Are you looking to transform the way your community thinks about computer programming? A family coding day might be just what you need.
What Is a Family Coding Day?
Last year, my school ran our first family coding day to celebrate the Hour of Code. We had over 200 people show up for two hours on a Sunday to explore programming in many different forms. During most of this event, we had 12 separate sessions running at the same time, like a professional development conference. Our audience consisted of families with students in K-8, and our main computing platform was the iPad, although we did have two labs of desktop computers and some great offline computing sessions.
Sharing Doubles Learning
One of our guiding principles was 2:1 computing. Since this is a family coding day, we wanted parents and kids coding together on the same device. We capped the rooms at 24 and deployed 12 iPads per room. This was very important because the magic of discovery was shared between the paired coders. It warmed my heart watching grandparents and grandkids working together to solve coding puzzles in Kodable.
A Little Is a Lot
We ran each session for about 40 minutes and kept the tone light and accessible. In many ways, we were showcasing the types of lessons we use every week with our kids in technology class. No one has to create an app in an hour, but we were looking to open their eyes to the range of coding opportunities available today, and how those opportunities can work in an educational context.
Let Them Lead
We asked for help from parents and kids to lead sessions, and I worked with people ahead of time to make sure that they'd be comfortable leading their sessions. Hour of Code is about sharing passion more than knowledge, especially if you are using the tutorials on Code.org.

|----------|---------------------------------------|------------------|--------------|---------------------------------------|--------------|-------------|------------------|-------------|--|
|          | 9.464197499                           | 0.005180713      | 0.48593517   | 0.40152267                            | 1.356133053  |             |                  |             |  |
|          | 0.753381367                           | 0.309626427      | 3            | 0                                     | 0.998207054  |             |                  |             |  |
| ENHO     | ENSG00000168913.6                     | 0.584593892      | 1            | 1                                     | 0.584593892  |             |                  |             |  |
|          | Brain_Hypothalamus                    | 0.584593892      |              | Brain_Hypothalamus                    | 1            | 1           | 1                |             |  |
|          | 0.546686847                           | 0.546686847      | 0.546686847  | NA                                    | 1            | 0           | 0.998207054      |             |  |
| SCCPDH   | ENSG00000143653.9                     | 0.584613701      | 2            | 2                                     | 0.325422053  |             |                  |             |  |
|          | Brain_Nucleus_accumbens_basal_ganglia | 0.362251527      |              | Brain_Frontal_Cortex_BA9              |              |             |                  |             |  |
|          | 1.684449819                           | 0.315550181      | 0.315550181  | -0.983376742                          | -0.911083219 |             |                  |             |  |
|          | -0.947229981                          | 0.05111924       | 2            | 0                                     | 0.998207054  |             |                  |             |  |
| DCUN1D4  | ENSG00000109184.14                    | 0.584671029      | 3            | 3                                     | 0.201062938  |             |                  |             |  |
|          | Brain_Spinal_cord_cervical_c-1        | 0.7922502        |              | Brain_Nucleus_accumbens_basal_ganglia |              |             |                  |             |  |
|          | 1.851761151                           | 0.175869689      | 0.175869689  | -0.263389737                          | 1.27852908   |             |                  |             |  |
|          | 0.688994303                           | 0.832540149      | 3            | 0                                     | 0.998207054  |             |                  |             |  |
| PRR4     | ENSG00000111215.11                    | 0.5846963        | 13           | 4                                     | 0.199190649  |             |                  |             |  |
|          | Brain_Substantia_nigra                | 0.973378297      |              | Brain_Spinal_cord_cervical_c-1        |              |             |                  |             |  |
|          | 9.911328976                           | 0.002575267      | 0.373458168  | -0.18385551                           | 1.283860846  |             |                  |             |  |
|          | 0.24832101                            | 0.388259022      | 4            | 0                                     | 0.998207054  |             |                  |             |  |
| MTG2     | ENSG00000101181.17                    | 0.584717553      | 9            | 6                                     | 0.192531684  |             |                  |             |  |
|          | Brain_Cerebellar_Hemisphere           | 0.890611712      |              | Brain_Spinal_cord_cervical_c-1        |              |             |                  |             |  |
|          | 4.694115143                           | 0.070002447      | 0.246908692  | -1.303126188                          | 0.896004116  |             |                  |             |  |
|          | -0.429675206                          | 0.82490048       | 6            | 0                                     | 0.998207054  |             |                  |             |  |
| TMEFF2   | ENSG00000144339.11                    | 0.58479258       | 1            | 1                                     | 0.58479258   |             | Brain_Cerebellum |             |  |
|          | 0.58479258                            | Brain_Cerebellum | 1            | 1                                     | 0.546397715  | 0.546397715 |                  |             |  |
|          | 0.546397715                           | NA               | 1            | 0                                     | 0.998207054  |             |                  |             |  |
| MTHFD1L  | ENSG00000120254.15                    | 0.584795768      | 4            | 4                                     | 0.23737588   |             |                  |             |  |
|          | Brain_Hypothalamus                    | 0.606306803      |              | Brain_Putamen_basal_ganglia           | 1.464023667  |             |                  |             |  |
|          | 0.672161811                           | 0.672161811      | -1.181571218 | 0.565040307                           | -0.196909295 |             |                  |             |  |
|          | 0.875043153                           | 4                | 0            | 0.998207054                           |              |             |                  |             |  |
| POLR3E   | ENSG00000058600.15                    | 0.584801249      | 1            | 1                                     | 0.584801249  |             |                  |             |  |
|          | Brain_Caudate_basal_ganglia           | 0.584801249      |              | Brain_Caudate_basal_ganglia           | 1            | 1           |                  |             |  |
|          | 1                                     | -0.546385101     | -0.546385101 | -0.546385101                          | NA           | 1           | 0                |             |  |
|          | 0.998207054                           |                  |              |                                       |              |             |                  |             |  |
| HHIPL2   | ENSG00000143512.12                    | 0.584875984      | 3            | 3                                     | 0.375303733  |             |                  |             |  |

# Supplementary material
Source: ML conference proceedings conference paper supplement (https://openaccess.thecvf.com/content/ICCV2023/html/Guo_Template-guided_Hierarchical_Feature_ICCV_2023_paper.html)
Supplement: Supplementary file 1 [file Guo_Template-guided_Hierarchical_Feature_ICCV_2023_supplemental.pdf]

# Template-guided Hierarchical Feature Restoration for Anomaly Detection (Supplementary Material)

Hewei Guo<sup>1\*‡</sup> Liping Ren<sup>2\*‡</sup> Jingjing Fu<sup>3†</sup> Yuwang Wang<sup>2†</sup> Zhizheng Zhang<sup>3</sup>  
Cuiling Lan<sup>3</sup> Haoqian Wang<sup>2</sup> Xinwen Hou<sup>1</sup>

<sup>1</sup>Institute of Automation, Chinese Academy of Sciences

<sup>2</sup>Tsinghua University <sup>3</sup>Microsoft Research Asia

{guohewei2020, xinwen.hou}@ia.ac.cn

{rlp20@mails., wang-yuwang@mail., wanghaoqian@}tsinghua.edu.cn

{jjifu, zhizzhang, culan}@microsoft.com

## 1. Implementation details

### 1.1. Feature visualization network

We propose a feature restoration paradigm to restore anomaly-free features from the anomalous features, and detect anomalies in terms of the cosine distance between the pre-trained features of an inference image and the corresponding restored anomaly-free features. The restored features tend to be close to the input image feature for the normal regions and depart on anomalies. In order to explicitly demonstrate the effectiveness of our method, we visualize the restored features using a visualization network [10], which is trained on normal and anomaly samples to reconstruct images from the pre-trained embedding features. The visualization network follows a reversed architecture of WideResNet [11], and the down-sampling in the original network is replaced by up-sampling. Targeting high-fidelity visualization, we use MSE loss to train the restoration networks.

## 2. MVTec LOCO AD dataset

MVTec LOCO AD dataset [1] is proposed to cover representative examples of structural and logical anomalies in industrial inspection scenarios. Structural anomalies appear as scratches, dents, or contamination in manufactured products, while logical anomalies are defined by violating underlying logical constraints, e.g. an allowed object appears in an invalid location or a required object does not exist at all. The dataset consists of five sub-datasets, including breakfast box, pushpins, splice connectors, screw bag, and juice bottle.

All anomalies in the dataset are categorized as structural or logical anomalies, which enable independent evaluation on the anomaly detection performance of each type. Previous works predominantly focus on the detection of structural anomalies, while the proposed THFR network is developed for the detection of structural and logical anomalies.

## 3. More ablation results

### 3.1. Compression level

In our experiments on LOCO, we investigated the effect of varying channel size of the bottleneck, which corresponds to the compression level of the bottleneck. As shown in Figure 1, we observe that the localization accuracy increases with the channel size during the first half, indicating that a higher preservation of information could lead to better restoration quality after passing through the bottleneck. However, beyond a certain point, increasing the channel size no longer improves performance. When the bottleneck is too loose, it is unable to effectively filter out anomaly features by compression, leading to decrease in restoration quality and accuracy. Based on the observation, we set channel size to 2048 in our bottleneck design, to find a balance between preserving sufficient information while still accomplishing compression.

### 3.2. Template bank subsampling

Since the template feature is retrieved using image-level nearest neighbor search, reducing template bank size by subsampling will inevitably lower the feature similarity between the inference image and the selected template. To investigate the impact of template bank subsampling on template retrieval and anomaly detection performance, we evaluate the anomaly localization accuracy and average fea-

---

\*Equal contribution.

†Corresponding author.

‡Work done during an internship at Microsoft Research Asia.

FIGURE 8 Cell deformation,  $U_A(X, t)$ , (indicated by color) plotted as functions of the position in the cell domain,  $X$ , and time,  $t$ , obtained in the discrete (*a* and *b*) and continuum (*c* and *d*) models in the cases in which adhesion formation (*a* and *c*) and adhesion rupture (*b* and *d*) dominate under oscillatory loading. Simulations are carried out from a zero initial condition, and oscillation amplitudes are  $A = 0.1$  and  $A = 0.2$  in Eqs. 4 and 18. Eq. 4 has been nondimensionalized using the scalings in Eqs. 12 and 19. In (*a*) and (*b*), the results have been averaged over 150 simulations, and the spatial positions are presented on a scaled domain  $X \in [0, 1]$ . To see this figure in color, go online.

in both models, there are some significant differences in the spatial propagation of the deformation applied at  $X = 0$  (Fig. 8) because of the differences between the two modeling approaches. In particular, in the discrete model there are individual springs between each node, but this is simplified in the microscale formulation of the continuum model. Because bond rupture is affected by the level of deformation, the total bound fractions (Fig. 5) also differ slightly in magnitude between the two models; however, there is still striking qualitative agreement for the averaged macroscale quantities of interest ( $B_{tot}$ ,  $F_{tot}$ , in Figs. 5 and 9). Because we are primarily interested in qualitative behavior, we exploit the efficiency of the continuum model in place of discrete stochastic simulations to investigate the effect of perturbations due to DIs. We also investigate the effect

What Did We Do?
Organizing 12 workshops was not simple, but with the resources from Code.org and some ideas that we developed in house, it was possible. This year, there are even more online tutorial options, and they work better on iOS devices than they did last year. If you are looking for ready-to-go lessons, shop around the Code.org/Learn site and have your pick.
We started by figuring out our capacity in terms of rooms and devices, and we planned enough workshops to fill every room and get eyes on every screen. We used two offline workshops -- Fuzz Family Frenzy (PDF, 413KB) and My Robotic Friends -- as well as a Lego Robot-based workshop to increase our capacity beyond our screen count.
Where Can You Find Resources?
There are more great sources every day for short, accessible coding tutorials. Start with the Code.org/Learn site and their coding curriculum. You will find lessons from offline programing to Blockly script to Java. You can cast a wider net and look to site like Trinket.io for Python tutorials, or CodeCombat for a great Java tutorial. Finally, if you are looking for some tutorials created by teachers for teachers, check out a project that I am proud to be part of, codingconnect.org.
What Do We Have Planned for This Year?
|Building Apps with Tickle|
|Programming with Sphero|
|Java with Code Combat|
|Hour of Python|
|Physical Programming with Circuits|
|Programming with the Robots of Wonder Workshop|
Our plans for this year are just coming together, and we already have volunteers from our families and the wider community. We are looking forward to hosting several Silicon Valley local app developers such as Trinket.io and CodeCombat, and we are excited to welcome back Kodable.
You Got This!
What I cannot express is how much this event shifted the conversation about coding on our campus. Parents were able to experience what programming in an educational context is all about. While this might seem like a huge undertaking, you can do this at your school. We have the technology! There is a large community of teachers and programmers working to make Hour of Code happen. With the resources available, you can create a successful event for the families in your community.